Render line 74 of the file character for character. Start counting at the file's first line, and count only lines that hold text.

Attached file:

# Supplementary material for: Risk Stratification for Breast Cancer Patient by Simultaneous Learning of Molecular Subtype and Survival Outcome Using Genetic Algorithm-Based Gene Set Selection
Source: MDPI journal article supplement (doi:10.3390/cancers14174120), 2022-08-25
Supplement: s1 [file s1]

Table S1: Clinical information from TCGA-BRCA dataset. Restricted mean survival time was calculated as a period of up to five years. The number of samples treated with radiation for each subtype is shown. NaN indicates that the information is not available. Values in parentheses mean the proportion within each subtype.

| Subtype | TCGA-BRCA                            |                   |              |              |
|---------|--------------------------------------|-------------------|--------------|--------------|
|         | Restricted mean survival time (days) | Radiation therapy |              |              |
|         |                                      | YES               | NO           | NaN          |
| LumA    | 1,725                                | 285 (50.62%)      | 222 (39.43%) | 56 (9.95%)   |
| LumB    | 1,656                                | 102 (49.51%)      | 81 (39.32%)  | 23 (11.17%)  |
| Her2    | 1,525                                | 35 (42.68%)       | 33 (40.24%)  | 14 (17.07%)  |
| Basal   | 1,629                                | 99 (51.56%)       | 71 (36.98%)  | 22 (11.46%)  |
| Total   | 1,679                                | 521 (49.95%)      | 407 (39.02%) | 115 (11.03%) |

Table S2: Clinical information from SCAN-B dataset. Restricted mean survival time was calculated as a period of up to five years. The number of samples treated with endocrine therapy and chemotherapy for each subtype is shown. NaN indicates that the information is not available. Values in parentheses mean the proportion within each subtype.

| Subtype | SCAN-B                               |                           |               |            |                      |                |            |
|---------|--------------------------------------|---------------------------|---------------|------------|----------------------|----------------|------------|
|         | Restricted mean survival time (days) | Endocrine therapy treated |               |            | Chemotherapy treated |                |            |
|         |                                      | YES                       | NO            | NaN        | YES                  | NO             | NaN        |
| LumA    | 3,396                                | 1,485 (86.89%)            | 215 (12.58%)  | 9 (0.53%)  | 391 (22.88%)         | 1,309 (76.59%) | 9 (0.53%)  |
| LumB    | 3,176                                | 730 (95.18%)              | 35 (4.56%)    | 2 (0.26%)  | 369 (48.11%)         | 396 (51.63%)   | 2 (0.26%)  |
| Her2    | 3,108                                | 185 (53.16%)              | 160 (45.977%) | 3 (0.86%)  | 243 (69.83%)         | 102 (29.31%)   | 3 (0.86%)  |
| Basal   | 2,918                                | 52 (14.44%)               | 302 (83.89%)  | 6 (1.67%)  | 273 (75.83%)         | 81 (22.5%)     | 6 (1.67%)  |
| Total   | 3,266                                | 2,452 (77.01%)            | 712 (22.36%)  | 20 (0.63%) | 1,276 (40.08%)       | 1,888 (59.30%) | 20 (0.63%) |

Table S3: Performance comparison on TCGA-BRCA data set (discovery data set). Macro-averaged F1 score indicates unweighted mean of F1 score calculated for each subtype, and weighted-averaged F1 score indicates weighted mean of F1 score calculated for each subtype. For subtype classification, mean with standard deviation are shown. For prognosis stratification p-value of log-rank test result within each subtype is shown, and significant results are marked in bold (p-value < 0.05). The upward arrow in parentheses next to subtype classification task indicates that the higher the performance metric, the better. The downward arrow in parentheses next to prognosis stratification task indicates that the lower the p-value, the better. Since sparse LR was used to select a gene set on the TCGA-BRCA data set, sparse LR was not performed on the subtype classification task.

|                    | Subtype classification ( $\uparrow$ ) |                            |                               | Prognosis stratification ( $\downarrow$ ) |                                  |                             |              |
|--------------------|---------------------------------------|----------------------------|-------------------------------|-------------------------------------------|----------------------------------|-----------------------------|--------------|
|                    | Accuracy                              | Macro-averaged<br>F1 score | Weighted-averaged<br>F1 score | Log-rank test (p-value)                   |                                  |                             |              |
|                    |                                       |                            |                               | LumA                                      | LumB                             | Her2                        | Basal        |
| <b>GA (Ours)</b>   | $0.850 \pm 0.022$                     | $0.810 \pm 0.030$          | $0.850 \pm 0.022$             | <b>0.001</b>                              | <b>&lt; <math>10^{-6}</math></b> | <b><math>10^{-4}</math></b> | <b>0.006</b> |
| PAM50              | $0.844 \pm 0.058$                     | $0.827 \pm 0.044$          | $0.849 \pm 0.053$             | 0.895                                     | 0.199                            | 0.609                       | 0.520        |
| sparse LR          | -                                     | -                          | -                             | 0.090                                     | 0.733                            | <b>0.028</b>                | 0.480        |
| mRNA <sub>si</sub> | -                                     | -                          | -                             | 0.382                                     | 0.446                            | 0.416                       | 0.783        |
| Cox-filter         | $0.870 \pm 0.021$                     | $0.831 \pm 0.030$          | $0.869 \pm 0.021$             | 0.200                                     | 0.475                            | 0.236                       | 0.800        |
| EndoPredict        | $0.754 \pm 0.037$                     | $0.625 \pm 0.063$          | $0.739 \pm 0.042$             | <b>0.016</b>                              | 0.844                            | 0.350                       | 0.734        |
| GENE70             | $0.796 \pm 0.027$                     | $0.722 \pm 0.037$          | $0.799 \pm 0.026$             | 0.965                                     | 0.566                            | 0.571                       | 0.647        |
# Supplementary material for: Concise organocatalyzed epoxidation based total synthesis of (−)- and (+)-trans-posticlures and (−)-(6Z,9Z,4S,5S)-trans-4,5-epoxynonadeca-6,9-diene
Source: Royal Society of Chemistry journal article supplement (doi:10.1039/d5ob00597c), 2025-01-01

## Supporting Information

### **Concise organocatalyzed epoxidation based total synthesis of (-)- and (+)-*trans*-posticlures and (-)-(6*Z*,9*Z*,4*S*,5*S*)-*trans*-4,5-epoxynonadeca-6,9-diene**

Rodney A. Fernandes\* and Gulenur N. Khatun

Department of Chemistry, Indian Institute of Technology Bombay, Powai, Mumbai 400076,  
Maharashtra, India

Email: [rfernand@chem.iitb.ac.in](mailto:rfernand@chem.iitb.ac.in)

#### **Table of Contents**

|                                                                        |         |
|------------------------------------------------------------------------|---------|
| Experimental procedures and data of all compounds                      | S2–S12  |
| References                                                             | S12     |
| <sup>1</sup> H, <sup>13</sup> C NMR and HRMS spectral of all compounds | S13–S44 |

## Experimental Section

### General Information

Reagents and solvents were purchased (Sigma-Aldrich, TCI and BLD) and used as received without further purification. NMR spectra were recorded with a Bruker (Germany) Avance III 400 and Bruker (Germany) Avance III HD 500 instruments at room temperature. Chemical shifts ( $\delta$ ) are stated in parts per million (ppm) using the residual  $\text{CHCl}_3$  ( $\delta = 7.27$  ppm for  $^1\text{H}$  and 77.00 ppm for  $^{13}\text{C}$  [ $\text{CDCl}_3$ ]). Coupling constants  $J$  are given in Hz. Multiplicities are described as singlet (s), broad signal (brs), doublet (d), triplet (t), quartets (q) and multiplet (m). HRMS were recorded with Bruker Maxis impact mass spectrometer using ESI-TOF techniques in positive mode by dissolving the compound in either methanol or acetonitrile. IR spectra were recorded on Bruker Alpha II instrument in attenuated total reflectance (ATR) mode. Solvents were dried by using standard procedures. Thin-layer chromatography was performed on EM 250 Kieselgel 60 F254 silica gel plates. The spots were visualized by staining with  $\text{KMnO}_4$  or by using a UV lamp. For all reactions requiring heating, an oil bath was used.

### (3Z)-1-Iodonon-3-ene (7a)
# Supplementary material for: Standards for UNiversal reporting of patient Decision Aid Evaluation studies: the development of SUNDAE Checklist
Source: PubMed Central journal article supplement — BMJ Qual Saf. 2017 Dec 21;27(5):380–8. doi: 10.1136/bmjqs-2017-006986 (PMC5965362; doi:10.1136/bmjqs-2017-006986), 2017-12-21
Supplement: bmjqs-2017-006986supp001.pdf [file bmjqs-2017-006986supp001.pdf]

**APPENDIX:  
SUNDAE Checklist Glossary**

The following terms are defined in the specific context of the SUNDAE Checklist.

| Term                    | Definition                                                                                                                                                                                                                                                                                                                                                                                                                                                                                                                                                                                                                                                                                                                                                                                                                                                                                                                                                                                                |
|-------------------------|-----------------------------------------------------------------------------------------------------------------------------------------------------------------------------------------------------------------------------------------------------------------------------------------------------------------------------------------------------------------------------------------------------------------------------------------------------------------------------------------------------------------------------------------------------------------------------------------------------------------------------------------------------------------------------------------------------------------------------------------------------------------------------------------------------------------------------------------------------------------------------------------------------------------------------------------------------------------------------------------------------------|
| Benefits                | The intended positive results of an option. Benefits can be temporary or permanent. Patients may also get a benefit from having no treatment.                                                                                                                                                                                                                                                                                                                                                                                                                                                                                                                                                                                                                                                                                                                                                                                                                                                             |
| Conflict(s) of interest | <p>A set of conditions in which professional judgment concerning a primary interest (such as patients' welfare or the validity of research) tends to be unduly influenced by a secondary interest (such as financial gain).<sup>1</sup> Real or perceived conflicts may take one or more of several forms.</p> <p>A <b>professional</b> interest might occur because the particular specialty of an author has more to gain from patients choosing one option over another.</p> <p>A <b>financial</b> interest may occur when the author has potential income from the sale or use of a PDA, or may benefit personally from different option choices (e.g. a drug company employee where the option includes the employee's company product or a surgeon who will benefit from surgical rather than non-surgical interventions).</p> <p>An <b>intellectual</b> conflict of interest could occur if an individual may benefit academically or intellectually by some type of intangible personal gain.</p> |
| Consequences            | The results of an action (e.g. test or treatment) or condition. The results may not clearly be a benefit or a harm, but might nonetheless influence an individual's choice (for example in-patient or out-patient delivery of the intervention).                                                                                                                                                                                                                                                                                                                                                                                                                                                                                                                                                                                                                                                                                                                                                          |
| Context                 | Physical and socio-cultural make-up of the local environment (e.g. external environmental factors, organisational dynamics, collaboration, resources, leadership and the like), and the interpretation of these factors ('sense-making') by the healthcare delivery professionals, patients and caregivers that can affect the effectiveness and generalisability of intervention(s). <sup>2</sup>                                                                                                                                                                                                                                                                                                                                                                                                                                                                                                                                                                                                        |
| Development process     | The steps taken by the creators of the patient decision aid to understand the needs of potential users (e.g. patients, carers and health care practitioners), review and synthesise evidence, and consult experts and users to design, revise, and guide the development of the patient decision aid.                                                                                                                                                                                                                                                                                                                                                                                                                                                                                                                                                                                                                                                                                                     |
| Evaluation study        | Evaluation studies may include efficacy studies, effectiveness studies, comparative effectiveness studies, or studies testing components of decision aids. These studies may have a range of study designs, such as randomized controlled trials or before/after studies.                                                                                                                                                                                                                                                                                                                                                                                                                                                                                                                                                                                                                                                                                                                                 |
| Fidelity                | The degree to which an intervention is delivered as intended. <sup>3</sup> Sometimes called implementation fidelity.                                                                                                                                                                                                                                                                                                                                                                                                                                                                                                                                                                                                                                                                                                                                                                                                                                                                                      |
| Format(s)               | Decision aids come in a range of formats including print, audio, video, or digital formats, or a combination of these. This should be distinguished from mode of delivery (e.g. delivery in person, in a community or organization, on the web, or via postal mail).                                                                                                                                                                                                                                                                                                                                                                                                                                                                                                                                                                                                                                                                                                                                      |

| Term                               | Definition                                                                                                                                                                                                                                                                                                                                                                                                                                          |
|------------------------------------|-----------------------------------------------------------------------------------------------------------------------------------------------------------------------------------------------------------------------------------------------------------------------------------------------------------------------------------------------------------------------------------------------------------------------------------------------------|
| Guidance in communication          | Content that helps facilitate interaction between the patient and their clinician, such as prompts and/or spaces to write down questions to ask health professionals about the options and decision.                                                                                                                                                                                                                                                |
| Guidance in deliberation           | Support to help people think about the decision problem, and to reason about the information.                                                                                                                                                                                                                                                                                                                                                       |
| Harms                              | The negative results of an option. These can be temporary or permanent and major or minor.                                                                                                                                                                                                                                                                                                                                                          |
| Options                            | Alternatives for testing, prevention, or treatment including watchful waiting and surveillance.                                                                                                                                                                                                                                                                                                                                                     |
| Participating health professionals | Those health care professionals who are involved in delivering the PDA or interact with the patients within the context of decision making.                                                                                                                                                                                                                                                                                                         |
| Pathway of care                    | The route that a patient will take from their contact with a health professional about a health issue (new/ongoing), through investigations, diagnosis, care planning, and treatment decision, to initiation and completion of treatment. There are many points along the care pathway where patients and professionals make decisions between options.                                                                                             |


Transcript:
| Harms                              | The negative results of an option. These can be temporary or permanent and major or minor.                                                                                                                                                                                                                                                                                                                                                          |